Danish designer Ole Lund Christianson's Gamut D-200 amplifier differs from its competitors in the high power sweepstakes in its use of a single high power MOSFET to produce its rated power. Previously, most high power amplifiers made use of multiple transistors operated in a parallel fashion to produce their rated power. The major drawback to this design philosophy is that no matter how hard you try; you are never able to completely match the transistors. As a result the signal that is produced is a mixture of the signals from all the parallel-coupled transistors. According to GamuT, the result is that the fine details found in music can be lost.
The MOSFET used in the D-200 was originally for use in switch-mode power supplies and is capable of handling more than 500 watts and passing a peak current of more than 300A. The stereo D-200 utilizes two of these single MOSFETs per channel, one on the positive rail and one on the negative rail. A push-pull amplifier operating in Class A drives each output device. This amplifier has the ability to charge the gate either up or down. The driver stage has a voltage source 15V higher than the output device voltage rail to help control the MOSFET when it is approaching its maximum output. The power source for the D-200 is two 500VA toroidal transformers with 32,000 µF of capacitance.
Due to the high current capability of the MOSFETs, GamuT designed a sophisticated protection circuit for the D-200. Through the use of both thermal and current sensors, the circuit detects DC errors, high-level subsonic signals, long-term ultrasonic signals, high temperature, low impedance loads and short circuits. In addition, the circuit monitors the voltage, current and phase of the load being presented to the amplifier. If any of these conditions are detected, the protection will simply mute the input signal or if necessary, open the output relay. GamuT has designed the relay to open only after the input has been muted to prevent the contacts of the relay from being damaged by switching current as the relay reacts to the situation.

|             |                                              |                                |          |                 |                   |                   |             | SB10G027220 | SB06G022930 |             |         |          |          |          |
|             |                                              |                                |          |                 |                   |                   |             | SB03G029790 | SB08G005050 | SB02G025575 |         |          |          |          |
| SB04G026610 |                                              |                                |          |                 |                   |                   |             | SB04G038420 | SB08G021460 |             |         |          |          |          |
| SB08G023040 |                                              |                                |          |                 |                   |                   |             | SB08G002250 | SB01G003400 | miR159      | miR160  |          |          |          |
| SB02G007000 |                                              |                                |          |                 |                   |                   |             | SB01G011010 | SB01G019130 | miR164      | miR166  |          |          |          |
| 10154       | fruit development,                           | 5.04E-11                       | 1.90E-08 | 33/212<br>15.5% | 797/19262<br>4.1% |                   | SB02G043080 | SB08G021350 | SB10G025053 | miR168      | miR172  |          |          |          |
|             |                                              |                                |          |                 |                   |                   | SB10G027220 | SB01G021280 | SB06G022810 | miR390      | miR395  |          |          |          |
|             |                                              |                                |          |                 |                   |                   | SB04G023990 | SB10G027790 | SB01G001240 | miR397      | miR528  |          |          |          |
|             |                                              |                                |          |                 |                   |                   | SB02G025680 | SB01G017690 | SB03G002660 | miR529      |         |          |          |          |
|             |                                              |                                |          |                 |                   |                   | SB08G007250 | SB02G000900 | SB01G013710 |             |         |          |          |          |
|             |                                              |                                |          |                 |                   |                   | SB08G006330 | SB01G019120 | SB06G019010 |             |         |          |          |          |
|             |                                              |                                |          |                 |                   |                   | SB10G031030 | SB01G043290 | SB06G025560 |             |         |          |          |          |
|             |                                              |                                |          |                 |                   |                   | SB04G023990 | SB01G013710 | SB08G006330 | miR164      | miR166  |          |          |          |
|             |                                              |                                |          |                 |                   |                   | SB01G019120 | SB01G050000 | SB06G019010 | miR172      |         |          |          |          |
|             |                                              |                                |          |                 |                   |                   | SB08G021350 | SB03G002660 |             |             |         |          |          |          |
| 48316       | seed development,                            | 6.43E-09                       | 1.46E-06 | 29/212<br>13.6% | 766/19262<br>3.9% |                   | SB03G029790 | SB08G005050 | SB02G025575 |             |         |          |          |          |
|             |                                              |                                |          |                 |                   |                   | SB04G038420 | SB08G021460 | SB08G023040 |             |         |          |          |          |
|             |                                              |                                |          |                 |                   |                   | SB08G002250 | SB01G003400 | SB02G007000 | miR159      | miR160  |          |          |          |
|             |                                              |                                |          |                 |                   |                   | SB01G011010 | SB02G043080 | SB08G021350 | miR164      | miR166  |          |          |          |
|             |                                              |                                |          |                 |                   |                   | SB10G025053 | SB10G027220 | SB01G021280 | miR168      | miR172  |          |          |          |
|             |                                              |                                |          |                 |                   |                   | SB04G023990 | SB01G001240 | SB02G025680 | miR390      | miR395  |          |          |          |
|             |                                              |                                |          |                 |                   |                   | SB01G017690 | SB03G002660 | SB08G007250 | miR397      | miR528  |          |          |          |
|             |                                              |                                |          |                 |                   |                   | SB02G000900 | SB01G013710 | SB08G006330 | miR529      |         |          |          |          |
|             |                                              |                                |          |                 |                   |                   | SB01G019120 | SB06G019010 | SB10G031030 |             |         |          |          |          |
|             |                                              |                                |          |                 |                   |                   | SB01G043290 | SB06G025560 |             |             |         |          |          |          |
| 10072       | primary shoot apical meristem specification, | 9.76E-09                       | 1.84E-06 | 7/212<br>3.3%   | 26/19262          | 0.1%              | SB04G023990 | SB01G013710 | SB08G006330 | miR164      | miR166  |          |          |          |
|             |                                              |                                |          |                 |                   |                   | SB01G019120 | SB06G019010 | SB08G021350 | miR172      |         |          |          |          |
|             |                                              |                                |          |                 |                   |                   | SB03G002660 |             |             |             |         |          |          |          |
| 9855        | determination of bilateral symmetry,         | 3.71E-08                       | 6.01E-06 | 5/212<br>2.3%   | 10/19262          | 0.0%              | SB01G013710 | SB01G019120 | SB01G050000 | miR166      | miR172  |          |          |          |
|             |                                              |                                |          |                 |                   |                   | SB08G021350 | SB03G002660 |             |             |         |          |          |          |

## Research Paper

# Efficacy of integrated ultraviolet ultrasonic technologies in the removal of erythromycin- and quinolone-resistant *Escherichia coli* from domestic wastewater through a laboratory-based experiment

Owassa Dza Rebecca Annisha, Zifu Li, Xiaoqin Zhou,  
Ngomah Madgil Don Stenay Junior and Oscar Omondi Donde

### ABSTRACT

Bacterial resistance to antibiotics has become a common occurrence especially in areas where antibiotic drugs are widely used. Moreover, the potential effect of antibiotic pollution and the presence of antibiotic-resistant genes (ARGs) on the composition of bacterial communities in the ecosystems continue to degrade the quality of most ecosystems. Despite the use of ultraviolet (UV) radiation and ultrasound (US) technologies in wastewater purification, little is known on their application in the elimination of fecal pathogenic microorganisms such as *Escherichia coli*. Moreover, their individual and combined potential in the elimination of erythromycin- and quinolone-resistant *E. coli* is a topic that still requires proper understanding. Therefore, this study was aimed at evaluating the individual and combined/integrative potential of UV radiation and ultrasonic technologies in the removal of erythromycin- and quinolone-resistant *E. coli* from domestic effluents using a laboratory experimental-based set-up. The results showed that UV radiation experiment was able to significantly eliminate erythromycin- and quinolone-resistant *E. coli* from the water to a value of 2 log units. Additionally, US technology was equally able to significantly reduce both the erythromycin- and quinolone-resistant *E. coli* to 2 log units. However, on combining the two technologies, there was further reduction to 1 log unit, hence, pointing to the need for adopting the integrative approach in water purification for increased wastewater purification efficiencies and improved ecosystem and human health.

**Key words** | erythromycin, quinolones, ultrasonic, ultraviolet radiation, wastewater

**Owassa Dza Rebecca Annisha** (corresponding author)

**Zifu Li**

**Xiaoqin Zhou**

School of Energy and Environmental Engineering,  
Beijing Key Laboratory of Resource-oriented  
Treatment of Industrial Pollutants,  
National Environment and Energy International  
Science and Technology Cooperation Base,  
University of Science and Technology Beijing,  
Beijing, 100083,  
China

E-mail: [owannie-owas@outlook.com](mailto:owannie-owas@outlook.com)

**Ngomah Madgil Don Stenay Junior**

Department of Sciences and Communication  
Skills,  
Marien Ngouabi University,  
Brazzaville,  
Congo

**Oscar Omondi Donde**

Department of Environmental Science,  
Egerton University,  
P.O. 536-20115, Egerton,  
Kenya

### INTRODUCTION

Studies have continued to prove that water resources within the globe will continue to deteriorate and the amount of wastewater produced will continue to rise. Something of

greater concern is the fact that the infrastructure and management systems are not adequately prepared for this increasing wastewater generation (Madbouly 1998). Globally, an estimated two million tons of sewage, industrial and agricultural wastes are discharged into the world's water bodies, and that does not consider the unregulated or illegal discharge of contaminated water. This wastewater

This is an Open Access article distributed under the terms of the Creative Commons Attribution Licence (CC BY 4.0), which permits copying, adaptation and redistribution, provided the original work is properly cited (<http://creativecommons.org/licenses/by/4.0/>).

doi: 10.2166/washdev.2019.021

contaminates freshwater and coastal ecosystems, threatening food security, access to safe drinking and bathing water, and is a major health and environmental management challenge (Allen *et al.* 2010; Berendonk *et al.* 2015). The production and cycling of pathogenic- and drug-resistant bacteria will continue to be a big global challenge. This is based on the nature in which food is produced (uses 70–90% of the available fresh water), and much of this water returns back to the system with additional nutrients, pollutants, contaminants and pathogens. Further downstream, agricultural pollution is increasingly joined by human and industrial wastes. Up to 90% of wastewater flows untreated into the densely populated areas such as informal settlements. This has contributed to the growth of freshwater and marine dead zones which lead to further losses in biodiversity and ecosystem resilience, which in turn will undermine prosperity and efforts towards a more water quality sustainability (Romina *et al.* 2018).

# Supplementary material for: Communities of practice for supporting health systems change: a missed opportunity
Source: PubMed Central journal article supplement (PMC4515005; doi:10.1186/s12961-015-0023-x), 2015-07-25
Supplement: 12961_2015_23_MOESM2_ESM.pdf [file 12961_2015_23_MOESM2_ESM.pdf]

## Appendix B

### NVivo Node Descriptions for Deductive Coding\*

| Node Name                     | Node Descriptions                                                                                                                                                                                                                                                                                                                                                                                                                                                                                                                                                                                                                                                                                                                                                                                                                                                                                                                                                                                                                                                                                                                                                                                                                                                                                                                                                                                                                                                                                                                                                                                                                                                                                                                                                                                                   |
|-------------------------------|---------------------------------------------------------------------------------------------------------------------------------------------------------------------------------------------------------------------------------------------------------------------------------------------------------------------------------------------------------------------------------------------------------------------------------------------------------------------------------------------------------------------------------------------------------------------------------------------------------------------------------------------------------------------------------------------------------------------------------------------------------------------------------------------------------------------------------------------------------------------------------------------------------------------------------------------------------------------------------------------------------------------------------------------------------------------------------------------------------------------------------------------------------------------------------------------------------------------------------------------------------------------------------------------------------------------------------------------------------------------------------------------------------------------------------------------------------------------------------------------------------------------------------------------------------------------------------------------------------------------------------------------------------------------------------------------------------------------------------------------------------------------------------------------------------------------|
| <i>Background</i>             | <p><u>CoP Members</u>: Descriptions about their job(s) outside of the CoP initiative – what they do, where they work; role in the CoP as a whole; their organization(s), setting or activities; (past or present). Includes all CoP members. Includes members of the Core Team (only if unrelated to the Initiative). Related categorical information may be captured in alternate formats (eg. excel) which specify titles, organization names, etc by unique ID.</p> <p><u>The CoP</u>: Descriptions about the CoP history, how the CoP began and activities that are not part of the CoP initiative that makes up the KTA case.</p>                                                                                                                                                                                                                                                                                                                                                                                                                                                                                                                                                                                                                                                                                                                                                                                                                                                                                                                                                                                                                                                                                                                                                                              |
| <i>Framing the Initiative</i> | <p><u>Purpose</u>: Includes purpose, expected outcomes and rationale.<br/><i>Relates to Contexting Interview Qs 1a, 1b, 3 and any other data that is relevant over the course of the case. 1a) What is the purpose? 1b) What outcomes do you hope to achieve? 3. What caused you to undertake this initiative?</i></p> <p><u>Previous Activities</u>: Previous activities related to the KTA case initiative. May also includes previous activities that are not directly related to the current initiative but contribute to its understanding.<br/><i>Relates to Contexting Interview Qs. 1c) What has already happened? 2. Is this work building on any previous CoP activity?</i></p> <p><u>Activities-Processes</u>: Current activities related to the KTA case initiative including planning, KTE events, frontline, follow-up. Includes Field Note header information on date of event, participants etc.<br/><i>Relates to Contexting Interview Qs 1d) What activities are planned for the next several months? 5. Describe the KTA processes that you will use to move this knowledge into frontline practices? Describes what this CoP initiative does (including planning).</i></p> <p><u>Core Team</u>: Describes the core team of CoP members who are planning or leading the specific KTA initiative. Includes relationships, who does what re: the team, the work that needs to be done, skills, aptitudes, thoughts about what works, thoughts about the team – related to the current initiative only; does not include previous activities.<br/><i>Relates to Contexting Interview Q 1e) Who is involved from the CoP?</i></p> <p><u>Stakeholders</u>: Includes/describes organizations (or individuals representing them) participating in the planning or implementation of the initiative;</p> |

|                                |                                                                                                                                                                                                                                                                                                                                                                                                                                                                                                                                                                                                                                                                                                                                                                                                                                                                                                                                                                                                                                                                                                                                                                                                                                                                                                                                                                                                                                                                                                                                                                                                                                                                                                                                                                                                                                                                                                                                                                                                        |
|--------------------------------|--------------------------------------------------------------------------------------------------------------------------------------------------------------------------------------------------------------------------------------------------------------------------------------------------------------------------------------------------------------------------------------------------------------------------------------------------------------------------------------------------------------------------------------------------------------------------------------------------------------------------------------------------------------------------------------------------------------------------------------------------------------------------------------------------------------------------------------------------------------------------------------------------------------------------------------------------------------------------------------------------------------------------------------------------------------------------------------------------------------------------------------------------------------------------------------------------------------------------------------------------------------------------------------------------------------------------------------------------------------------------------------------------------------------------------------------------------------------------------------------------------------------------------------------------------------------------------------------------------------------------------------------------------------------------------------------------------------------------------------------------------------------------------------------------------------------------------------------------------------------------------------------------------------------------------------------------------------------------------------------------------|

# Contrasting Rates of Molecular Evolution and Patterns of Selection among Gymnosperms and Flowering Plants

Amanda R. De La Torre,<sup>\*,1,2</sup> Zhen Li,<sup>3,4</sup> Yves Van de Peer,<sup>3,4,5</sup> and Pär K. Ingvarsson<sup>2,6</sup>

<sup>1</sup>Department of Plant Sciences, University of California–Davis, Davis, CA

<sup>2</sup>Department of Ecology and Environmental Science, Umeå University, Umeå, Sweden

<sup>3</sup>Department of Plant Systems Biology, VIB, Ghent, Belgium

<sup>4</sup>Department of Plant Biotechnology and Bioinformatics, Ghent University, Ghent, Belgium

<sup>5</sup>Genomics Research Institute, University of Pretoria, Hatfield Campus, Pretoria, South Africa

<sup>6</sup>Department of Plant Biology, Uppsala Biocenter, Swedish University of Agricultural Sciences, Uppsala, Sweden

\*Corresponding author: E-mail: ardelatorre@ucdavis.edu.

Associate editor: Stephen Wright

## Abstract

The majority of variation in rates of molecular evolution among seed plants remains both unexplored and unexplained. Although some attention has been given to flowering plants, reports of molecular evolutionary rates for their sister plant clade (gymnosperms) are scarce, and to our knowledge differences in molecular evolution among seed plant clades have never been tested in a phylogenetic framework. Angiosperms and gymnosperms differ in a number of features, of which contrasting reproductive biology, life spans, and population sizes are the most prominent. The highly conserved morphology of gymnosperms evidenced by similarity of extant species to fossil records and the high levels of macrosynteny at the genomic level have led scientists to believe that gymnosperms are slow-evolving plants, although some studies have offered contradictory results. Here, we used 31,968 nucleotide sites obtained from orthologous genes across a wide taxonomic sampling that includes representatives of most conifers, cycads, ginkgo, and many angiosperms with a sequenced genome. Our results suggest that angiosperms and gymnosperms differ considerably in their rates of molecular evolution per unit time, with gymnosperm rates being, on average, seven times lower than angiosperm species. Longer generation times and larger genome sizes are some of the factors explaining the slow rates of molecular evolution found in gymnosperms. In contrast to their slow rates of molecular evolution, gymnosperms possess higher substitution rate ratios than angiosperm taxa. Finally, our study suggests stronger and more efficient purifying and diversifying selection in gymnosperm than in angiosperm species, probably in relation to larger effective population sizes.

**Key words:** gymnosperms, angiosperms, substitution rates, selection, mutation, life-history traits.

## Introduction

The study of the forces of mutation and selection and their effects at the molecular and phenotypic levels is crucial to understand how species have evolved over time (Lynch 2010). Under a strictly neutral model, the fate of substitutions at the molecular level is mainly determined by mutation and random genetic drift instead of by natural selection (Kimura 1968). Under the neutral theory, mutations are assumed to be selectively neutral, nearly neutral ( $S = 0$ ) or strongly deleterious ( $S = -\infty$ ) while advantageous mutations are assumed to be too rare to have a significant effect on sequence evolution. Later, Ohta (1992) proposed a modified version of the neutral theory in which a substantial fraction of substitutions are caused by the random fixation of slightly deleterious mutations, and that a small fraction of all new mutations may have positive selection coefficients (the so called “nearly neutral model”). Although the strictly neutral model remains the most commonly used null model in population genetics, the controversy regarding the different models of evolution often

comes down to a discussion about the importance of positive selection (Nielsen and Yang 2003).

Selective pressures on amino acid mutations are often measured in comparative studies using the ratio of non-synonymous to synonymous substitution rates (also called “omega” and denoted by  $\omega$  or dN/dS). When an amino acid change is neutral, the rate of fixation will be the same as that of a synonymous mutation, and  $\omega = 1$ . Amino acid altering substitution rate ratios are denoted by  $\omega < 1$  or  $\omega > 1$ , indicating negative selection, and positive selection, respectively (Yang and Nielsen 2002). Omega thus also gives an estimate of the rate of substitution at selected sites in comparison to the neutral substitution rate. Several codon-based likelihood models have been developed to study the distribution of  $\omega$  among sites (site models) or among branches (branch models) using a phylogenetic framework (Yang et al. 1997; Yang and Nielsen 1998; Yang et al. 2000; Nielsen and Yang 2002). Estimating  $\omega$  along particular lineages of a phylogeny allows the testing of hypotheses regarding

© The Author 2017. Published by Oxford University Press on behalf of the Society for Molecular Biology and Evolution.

Okay, so how does it work? Say for instance the circuit detects a short. The protection circuit will immediately mute the input for about a second and the output relays will then open. The circuit then sends out a 1-millisecond long pulse to test the circuit. If the condition is still present, the protection circuit remains engaged. As soon as the circuit determines the problem has been corrected, the system automatically resets itself and the music begins playing.